The COVID-19 pandemic has created new barriers to routine immunisation around the world, putting millions of children at risk of a resurgence of vaccine-preventable diseases, warns the Global Vaccine Alliance (GAVI).
Over the last 20 years GAVI and its partners have vaccinated more than 760 million children in 70 countries, saving the lives of more than 13 million.
But in celebrating World Immunisation Week, the worry is that millions of children would be missing out on vaccines against measles, diphtheria and polio.
Even before the coronavirus pandemic, measles, polio and other vaccines were out of reach for 20 million children below the age of one every year.
Given the current disruptions, the UN Children’s Fund (UNICEF) has warned that this could lead to disastrous outbreaks in 2020 and well beyond.
GAVI estimates that at least 21 low- and middle-income countries, are already reporting vaccine shortages as a result of border closures and disruptions to travel.
So far, 14 vaccination campaigns supported by GAVI against polio, measles, cholera, human papillomavirus, yellow fever and meningitis have been postponed, which would have immunised more than 13 million people.
The Director-General of the World Health Organisation (WHO), Dr Tedros Adhanom Ghebreyesus, said this week: “The tragic reality is that children will die as a result.”
GAVI has set an ambitious goal to immunise 300 million more children with 18 vaccines by 2025 and to attain this the organisation is looking to raise US$7.4 billion in its upcoming third replenishment that has been scheduled for June.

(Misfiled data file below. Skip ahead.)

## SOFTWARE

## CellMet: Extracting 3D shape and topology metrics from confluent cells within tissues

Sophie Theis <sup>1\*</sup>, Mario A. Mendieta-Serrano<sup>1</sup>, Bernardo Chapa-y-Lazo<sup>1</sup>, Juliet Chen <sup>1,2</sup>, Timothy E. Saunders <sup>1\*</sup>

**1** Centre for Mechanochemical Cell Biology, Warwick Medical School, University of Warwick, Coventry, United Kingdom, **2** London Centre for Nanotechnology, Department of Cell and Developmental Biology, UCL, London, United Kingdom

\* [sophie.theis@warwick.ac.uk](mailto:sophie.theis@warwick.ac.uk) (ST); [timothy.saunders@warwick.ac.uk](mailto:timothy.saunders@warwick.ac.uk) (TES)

Dr Tedros said: “We call on the global community to ensure GAVI is fully funded for this life-saving work.
“This is not a cost, it’s an investment that pays a rich dividend in lives saved.
“Just as immunisation has been disrupted in some countries, so have services for many other diseases that afflict the poorest and most vulnerable people – including malaria.
“Immunisation is one of the greatest success stories in the history of global health,” he said, adding: “More than 20 diseases can be prevented with vaccines.”
Dr Richard Sezibera, a former Minister of Health in Rwanda, and a long-serving member of the GAVI Board explained in an Op-Ed for the Africa Briefing website earlier this month: “Now more than ever, the need to bring together public and private sectors in strengthening our healthcare systems is being shown.
“With GAVI, this kind of collaboration has been going on for 20 years and is still going strong with the shared goal of creating equal access to new and underused vaccines for children and persons all around the world.”
Dr Sezibera, who is also Chair of GAVI’s Programme and Policy Committee, said this year’s replenishment was “seeking to build on the historic gains it has made with governments and other partners”.
He added: “We will need to step up with even more.
“Commitments are needed towards increased domestic financing and for recognition of the critical role of vaccines to primary healthcare in Africa, at least for the next period of 2021-2025.”
GAVI said that immunisation campaigns required “a coordinated approach that factors in the unique challenges of each country”.
It added: “For example, in areas with densely populated urban settlements, there may be challenges with communicating the importance of vaccines, so social mobilisation activities are required.
“Conversely, many GAVI-supported countries have very remote regions that demand a new approach to vaccine delivery, like using autonomous drones to efficiently deliver medical supplies.”
The alliance said it was making “health system strengthening grants more flexible to allow countries to reallocate funding towards their COVID-19 response, as well as working with our partners to continue immunisation campaigns where possible”.
“The immunisation infrastructure that GAVI has helped build over the past two decades is also being used to help fight the pandemic,” the organisation said.
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